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Saudi introduces judicial reforms within its Sharia law

Saudi Arabia has announced new judicial reforms, putting the kingdom on a path to codified law within its Islamic legal system

The new laws will be announced over the course of 2021 The Saudi crown prince described the current legal system as “painful for many individuals and families" “We will bid farewell to the wide and indefinite scope of discretion that a judge enjoys"

Saudi Arabia has announced new judicial reforms, putting the kingdom on a path to codified law within its Islamic legal system.

Codification is the process of collecting and restating the law of a jurisdiction in certain areas, usually by subject, forming a legal code.

“The Personal Status Law, the Civil Transactions Law, the Penal Code for Discretionary Sanctions, and the Law of Evidence represent a new wave of judicial reforms in the Kingdom,” Saudi state news agency SPA quoted Saudi Crown Prince Mohammed bin Salman as saying late Monday. 

“The new laws represent a new wave of reforms that will … increase the reliability of procedures and oversight mechanisms as cornerstones in achieving the principles of justice, clarifying the lines of accountability,” the crown prince said in a statement. 

The new laws will be announced over the course of 2021.

A Saudi official told Reuters that reforms are designed to meet the needs of the modern world while adhering to Sharia.

Fitting within Saudi Vision 2030, the reforms are part of aims to diversify the economy away from oil and attract foreign talent and investments and comes as Saudi Arabia pitches itself as a destination for international business headquarters.

Having no codified legal system often resulted in inconsistencies in court rulings and drawn-out litigation procedures, according to CNBC. 

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The announcement made a specific mention of women in Saudi Arabia, who have long held a lower status to men in terms of legal and economic rights, and whom the crown prince described as being particularly harmed by the lack of written laws over certain issues.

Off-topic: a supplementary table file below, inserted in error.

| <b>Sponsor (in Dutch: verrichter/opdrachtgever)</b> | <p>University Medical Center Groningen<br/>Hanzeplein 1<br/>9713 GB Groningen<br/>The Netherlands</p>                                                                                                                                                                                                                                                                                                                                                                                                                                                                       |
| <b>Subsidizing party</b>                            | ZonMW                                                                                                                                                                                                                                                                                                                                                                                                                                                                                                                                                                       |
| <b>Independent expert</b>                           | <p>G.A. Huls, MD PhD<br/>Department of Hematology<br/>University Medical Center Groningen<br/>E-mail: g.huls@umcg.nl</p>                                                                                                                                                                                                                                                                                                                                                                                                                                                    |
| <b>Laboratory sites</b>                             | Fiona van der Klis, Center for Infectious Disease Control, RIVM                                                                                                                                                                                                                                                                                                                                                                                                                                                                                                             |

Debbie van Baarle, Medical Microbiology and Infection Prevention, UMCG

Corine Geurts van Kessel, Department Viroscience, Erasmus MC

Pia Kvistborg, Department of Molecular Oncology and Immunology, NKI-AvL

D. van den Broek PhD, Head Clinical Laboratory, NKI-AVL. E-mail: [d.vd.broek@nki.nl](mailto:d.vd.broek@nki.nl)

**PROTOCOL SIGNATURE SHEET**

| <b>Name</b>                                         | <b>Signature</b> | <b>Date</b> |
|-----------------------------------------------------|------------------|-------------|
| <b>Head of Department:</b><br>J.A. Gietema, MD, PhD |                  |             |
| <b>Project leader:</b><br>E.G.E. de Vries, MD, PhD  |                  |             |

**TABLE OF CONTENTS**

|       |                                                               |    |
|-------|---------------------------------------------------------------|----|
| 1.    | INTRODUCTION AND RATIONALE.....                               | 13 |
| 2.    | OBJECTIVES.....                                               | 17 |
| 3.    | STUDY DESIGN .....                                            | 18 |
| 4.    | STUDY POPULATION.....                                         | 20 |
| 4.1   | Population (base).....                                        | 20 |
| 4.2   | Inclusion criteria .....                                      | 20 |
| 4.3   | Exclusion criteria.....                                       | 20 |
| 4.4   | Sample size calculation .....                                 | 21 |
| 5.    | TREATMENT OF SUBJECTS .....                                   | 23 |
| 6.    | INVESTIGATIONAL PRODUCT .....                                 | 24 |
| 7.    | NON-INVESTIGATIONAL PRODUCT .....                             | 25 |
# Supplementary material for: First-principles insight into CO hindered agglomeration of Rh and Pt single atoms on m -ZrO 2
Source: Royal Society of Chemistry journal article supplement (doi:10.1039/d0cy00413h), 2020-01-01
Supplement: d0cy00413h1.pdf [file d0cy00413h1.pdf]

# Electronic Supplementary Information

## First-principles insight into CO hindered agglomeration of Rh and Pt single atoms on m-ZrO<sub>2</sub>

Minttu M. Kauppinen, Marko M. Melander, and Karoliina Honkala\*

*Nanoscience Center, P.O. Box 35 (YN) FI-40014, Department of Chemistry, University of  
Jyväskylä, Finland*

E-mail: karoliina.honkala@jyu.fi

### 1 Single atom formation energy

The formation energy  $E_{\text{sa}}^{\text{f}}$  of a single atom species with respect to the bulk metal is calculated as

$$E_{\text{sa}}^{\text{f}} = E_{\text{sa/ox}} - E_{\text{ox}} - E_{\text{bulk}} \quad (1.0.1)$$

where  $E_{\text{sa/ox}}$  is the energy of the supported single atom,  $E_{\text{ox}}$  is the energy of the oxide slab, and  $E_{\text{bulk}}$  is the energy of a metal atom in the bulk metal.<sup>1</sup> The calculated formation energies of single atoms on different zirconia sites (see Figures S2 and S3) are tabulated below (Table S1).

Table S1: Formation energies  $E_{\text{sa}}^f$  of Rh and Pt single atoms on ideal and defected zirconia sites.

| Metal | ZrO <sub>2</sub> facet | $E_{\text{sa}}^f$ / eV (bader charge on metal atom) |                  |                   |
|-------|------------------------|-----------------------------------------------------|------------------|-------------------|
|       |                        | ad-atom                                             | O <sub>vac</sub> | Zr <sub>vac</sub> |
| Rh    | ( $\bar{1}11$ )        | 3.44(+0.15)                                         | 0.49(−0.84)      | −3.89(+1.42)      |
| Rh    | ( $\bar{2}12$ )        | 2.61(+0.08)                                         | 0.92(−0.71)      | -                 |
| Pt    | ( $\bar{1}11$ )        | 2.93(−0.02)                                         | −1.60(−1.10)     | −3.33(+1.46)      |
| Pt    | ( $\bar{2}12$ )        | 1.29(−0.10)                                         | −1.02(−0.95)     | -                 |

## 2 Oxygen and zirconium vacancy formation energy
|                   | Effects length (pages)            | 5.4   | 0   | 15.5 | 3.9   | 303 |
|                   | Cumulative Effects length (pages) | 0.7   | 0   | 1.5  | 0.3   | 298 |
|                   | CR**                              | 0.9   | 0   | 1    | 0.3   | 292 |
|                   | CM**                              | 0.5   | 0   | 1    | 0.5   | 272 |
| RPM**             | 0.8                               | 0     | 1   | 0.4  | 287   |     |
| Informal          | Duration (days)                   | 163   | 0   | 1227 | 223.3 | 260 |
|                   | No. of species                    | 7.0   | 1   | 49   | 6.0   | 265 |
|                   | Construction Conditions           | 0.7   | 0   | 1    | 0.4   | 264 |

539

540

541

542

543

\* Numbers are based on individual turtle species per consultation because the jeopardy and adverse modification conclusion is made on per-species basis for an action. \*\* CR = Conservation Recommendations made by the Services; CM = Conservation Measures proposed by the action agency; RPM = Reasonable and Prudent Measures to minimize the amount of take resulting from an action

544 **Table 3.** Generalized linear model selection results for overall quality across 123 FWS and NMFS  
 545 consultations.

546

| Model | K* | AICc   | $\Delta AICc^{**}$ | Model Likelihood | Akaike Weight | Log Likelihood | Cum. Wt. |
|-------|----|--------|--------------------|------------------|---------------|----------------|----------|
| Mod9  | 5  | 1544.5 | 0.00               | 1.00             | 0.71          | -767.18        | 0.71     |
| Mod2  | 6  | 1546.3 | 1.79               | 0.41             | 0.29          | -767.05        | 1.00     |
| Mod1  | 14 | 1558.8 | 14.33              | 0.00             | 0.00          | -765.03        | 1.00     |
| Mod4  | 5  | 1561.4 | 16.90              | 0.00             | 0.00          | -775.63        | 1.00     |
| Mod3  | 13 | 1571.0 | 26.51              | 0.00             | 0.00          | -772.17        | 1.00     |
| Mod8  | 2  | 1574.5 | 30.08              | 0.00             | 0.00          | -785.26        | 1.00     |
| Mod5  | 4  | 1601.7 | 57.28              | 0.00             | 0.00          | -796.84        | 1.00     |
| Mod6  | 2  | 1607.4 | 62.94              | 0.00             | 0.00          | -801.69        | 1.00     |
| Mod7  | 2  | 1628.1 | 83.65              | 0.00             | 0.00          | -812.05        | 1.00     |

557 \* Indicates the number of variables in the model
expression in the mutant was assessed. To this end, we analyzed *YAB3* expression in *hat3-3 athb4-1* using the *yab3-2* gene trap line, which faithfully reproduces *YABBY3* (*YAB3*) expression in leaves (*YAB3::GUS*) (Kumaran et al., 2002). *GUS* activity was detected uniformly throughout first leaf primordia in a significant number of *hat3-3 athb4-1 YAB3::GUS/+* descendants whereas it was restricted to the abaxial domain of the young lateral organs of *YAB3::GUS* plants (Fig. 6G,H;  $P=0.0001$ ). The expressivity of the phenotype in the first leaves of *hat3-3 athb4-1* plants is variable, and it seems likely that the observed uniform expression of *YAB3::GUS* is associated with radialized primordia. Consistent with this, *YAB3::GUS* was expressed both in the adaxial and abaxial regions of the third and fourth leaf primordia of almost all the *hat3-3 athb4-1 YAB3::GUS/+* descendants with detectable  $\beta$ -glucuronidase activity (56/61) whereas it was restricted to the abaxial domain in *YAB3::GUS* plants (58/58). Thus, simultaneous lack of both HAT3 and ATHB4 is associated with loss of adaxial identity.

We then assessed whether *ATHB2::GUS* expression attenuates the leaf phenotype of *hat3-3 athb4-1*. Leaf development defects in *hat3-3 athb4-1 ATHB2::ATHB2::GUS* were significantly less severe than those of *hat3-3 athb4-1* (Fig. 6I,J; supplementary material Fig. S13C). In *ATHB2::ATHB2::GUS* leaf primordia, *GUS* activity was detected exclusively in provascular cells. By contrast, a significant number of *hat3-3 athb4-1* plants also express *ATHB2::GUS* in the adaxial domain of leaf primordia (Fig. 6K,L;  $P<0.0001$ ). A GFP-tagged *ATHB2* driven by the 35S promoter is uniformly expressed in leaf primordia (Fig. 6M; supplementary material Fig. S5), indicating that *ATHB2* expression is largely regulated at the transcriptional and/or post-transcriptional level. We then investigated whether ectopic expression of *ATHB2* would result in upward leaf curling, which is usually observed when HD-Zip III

“Discrepancies in court rulings has led to a lack of clarity in the rules governing the incidents and practices, and has hurt many, mostly women,” the SPA quoted the crown prince as saying.  

The Saudi crown prince described the current legal system as “painful for many individuals and families, especially women, permitting some to evade their responsibilities. This will not take place again once these laws are promulgated pursuant to legislative laws and procedures,” he said.  

His statement added that the forthcoming legal reforms will “tackle lack of clarity in rules governing… prolonged litigations that are not based on established legal provisions, and absence of a clear legal framework for individuals and businesses.”

Saudi Justice Minister Dr. Walid bin Mohammed Al-Samaani, president of the Supreme Judicial Council, said the new penal code would enhance the application of justice in criminal cases.

Saudi lawyer Dimah Al-Sharif, head of the health law department at the law firm of Majed Garoub and a member of the International Association of Lawyers told Arab News the reforms would “contribute to an unprecedented standardization of the system of rulings,” particularly in relation to family law. 

“We will bid farewell to the wide and indefinite scope of discretion that a judge enjoys,” she said.

Al-Sharif also told Arab News that the Personal Status Law will deal with provisions related to family matters and regulate provisions related to wills and inheritance. 

The Civil Transactions Law will regulate the relationship between individuals and reduce the litigation period in disputes resulting from mutual transactions, she added.

Finally, she said the Evidence Law will separate the evidentiary rules regarding civil and commercial transactions between individuals, such as witness testimony, written evidence, digital evidence, and other various means of evidence.